The club’s head coach, Preston Brown, juggles his commitment as a firefighter alongside the demands of running a boxing gym. He believes that there is more to boxing than winning fights and titles, he thinks that the sport can help improve the quality of life in the area as well as instilling a sense of community and self-respect.
“We’ve seen a real reduction in antisocial behaviour since the venture started,” he revealed. “When we used to go out on call we would often get abuse and stones thrown at us. The club has helped build a strong relationship with the local community and these incidents have really reduced. We also use the club as a vehicle to engage youngsters and educate them on the dangers of fire.”
McCrory also revealed that he is relaunching the play Carrying David, the story of his rise in boxing and the impact that his adopted brother David’s muscular wasting disease had on him. The 56-year-old recalled that he would often carry David around on his back and hopes that the play can reach a wider audience.
“David passed away in 1996 at the age of 29 but he was the real fighter in the family and a massive inspiration to me,” recalled McCrory. “There was one point when I lost five out of six fights, but seeing David’s courage kept me going and gave me the strength to battle back to become world champion.”
The production will be touring the North East next month with the opening show at the Blyth Phoenix Theatre on September 8 followed by performances at Gala Theatre in Durham on September 16, Tyne Theatre and Opera House on September 17 and Alnwick Playhouse on September 18.
Being a fighter is a tough job, but opening a restaurant is just as precarious, especially in this day and age, yet West Brompton’s Sohail Ahmad (14-1-1, 5 KOs) has decided to bite the buffet by opening his own restaurant in Fitzoria, London tomorrow (Friday September 13).
A former refugee who fled from Afghanistan on his own, “Showstar” ended up living in care until he was 18. Despite a respectable record on paper, his boxing career has failed to take off; however, he hopes that his new venture will help him defy the odds that were stacked against him earlier in life. Ahmad’s new venture is called Eggoland and he explained his decision to open a restaurant when speaking to Jack Rear of the Telegraph.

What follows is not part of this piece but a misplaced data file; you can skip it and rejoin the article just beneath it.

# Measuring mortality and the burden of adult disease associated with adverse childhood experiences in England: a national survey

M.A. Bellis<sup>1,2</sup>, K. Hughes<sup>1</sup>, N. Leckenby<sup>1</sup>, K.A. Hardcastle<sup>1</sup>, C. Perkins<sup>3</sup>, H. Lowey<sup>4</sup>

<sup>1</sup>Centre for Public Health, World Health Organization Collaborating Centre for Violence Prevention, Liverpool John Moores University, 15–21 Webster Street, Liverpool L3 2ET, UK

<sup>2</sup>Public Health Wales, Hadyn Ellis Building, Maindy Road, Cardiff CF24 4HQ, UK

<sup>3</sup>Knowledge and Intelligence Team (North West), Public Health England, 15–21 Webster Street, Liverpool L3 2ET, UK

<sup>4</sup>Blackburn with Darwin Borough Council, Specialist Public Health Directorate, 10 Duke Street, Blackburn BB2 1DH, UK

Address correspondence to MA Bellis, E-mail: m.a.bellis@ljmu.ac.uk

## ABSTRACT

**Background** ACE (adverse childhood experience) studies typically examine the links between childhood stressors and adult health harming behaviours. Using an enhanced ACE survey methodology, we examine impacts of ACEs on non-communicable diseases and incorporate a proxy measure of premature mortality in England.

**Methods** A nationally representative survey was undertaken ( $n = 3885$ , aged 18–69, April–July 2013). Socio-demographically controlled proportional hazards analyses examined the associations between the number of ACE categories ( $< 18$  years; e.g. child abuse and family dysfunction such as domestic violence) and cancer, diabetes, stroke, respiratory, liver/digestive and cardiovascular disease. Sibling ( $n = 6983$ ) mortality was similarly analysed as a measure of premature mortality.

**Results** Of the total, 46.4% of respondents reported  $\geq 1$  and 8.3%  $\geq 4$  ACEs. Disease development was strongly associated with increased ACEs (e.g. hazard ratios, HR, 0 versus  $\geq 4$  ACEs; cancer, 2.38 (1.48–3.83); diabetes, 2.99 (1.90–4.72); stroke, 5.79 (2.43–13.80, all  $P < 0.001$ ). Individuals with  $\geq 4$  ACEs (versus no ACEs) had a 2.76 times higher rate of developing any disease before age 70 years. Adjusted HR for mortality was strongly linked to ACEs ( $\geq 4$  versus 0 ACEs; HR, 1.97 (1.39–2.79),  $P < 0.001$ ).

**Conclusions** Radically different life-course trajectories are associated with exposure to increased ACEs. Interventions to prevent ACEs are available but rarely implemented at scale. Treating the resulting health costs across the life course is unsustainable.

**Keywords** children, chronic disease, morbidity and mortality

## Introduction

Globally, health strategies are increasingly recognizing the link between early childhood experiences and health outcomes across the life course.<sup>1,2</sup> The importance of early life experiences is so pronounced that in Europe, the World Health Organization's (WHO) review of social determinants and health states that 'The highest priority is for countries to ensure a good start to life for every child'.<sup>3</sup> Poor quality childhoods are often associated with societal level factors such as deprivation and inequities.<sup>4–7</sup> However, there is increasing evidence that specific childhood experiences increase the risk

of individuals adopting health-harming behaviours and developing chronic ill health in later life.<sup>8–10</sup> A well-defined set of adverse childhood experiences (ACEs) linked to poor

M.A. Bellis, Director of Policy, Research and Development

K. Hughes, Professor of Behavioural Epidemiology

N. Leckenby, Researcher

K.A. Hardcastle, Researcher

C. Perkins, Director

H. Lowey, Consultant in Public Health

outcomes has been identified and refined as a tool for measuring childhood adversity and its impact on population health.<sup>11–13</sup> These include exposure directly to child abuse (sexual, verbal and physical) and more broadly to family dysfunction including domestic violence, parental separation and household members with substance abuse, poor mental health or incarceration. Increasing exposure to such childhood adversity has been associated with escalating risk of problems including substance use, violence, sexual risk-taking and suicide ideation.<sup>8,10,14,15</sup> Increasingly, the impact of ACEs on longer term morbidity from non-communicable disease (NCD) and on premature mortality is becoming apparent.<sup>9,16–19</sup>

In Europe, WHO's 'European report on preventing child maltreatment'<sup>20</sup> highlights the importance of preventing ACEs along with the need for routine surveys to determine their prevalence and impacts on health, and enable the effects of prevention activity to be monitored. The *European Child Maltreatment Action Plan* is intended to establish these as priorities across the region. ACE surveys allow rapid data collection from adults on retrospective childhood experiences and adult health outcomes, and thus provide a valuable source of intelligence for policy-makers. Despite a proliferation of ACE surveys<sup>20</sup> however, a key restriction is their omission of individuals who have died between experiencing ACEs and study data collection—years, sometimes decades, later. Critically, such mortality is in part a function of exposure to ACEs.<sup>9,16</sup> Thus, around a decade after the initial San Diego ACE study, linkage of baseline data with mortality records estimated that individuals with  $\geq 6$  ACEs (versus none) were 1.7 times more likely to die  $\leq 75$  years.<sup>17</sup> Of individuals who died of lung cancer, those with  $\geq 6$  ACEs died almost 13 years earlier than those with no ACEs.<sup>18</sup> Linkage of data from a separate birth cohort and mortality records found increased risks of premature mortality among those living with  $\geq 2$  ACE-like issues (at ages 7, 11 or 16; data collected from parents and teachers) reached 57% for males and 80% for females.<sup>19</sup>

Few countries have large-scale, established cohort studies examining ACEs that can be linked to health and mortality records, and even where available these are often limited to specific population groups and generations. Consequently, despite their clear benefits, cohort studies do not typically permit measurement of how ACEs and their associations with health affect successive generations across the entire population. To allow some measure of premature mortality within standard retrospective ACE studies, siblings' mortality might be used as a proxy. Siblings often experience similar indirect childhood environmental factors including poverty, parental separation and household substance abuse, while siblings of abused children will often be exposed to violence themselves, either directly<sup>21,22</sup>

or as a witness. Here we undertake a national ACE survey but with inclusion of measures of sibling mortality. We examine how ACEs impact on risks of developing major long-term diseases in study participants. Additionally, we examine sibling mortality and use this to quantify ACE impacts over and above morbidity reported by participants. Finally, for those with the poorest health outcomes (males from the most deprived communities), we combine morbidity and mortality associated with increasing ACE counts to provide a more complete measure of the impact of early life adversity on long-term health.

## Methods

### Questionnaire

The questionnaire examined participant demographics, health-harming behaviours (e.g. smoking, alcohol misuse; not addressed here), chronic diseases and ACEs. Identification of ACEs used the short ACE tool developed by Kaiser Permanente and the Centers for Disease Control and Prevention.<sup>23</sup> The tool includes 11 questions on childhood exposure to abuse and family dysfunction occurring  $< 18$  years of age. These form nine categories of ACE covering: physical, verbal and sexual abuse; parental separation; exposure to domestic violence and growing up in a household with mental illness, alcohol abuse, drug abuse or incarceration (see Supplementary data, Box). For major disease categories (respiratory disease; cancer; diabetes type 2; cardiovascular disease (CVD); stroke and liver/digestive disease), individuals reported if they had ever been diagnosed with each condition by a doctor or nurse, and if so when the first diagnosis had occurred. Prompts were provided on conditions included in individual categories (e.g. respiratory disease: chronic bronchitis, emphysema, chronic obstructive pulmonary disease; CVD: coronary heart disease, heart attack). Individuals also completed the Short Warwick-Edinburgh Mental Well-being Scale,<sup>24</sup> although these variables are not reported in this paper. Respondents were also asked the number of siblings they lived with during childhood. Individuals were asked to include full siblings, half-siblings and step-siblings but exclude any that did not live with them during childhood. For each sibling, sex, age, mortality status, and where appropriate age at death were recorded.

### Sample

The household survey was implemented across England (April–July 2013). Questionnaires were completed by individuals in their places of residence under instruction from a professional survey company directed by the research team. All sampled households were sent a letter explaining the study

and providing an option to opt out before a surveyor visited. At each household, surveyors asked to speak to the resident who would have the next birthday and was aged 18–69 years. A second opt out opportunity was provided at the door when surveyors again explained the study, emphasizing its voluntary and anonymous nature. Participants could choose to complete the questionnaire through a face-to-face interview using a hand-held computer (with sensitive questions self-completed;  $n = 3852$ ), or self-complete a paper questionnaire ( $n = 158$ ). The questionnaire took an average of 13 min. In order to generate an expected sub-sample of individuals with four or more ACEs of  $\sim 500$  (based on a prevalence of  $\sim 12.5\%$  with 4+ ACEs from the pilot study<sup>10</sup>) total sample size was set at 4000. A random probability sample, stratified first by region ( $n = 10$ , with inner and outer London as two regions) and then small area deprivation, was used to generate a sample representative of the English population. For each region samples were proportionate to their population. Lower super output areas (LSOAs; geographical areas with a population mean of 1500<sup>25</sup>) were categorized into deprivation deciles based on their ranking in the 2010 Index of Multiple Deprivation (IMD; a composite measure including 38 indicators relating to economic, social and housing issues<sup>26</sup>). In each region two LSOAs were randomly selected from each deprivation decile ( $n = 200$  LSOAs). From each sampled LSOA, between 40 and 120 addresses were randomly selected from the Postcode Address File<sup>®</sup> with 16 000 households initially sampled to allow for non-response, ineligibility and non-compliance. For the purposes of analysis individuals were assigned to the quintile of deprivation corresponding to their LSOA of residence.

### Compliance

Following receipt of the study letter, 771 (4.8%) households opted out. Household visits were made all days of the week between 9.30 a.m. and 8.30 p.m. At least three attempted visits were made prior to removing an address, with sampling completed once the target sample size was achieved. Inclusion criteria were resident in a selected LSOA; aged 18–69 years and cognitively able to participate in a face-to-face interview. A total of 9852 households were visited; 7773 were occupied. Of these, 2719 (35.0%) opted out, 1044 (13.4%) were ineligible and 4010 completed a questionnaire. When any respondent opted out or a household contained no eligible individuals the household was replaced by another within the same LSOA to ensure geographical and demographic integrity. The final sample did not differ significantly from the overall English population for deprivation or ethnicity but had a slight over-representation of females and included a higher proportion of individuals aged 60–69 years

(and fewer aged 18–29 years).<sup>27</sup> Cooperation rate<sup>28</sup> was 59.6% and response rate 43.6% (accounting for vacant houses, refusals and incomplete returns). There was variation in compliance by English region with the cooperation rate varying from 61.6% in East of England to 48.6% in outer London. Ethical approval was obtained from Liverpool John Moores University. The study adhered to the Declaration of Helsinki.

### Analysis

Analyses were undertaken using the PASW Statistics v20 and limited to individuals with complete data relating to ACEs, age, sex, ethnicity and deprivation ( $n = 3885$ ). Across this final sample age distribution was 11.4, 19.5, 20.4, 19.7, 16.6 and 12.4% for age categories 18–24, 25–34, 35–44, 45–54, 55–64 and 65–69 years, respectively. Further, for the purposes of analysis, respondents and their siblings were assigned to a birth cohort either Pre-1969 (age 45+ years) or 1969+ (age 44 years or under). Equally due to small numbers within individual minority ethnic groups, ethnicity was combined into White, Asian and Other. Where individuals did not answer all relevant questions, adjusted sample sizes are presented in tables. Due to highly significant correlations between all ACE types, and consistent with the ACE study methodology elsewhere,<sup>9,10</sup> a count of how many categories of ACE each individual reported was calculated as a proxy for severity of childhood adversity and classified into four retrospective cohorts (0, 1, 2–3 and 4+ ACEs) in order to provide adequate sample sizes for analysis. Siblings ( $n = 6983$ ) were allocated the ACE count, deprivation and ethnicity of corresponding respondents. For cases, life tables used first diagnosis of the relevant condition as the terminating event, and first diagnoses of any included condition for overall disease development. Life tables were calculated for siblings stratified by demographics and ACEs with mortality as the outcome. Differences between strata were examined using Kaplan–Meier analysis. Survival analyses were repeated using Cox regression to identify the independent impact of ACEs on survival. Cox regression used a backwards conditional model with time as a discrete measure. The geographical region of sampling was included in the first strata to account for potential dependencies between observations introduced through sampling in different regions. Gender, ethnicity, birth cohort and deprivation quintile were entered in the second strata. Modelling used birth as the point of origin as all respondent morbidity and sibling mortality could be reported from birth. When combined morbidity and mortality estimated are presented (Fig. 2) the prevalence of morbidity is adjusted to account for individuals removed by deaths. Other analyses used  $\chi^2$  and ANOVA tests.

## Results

“Since I was a kid in Afghanistan I used to dream of having more because my family was very poor,” he said. “My dad wasn’t born poor; he actually came from a very wealthy family whose construction company used to build motorways and roads and factories for the government. My dad worked in the military and when the Taliban came everything went to hell. He couldn’t work, he had to hide who he was, so when my dad talked about having this or that, it sounded like a fairy tale.”
Things got so bad that his parents paid for him to come to the UK to seek a better life before, they later managed to relocate to Germany. The money he has managed to earn from boxing has been added to outside investments and parlayed into his new venture and the restaurant’s name came about because of his love of using eggs as a chief ingredient for his meals. “With eggs we can do a mix of Western and middle-Eastern food culture in one package, comfort food for everyone, nutritious, value for money, and ultimately it tastes good,” he said.
He added ;“For me, a perfect breakfast has to have an egg. I don’t care if it’s poached, scrambled, fried, as long as I have eggs my body is ready to go, and I can tackle the day ahead. Being an athlete I eat eggs as much as I can because they’re one of the most nutritious things out there, one of the easiest things to make, and one of the things you can have any time of the day.”
As mentioned above, opening a restaurant is tough at the best of times. This is the worst of times for people in that field, but Ahmad is up for the fight. “People have looked down at me all my life,” he revealed. “Those who are going to be sniffy about it won’t come, and that’s fine. If you put your nose in the air and think you’re too good for this place then we don’t need you.”
Eggoland is at 5-7 Tottenham St, London W1T 2AG)
Andy Lee (35-3-1, 24 KOs) has told his cousin Tyson Fury (30-0-1, 21 KOs) to be ready and waiting for a better version of Deontay Wilder (42-1-1, 41 KOs) if their October 9 fight goes ahead. Fury makes the first defence of the WBC title that he ripped away from Wilder in February 2020 and former WBO middleweight holder Lee has told theScottish Sun to expect more from Wilder this time around.
“I think it’s a very dangerous fight,” he said. “I think Wilder’s body will be fresh, so it’s a very dangerous fight. He’s got a lot to prove. He’s going to be very motivated for this fight.”
The rematch takes place at the T-Mobile Arena in Las Vegas after it was initially pushed back when Fury and members of his team tested positive for Covid-19. Both fighters will have to shake some rust, but due to the current pandemic a lot of fighters have been in the same boat and heavyweights tend to fight less than most so we should expect a good showing from both fighters, as long as Wilder manages to come through his ring walk with his strength and legs intact.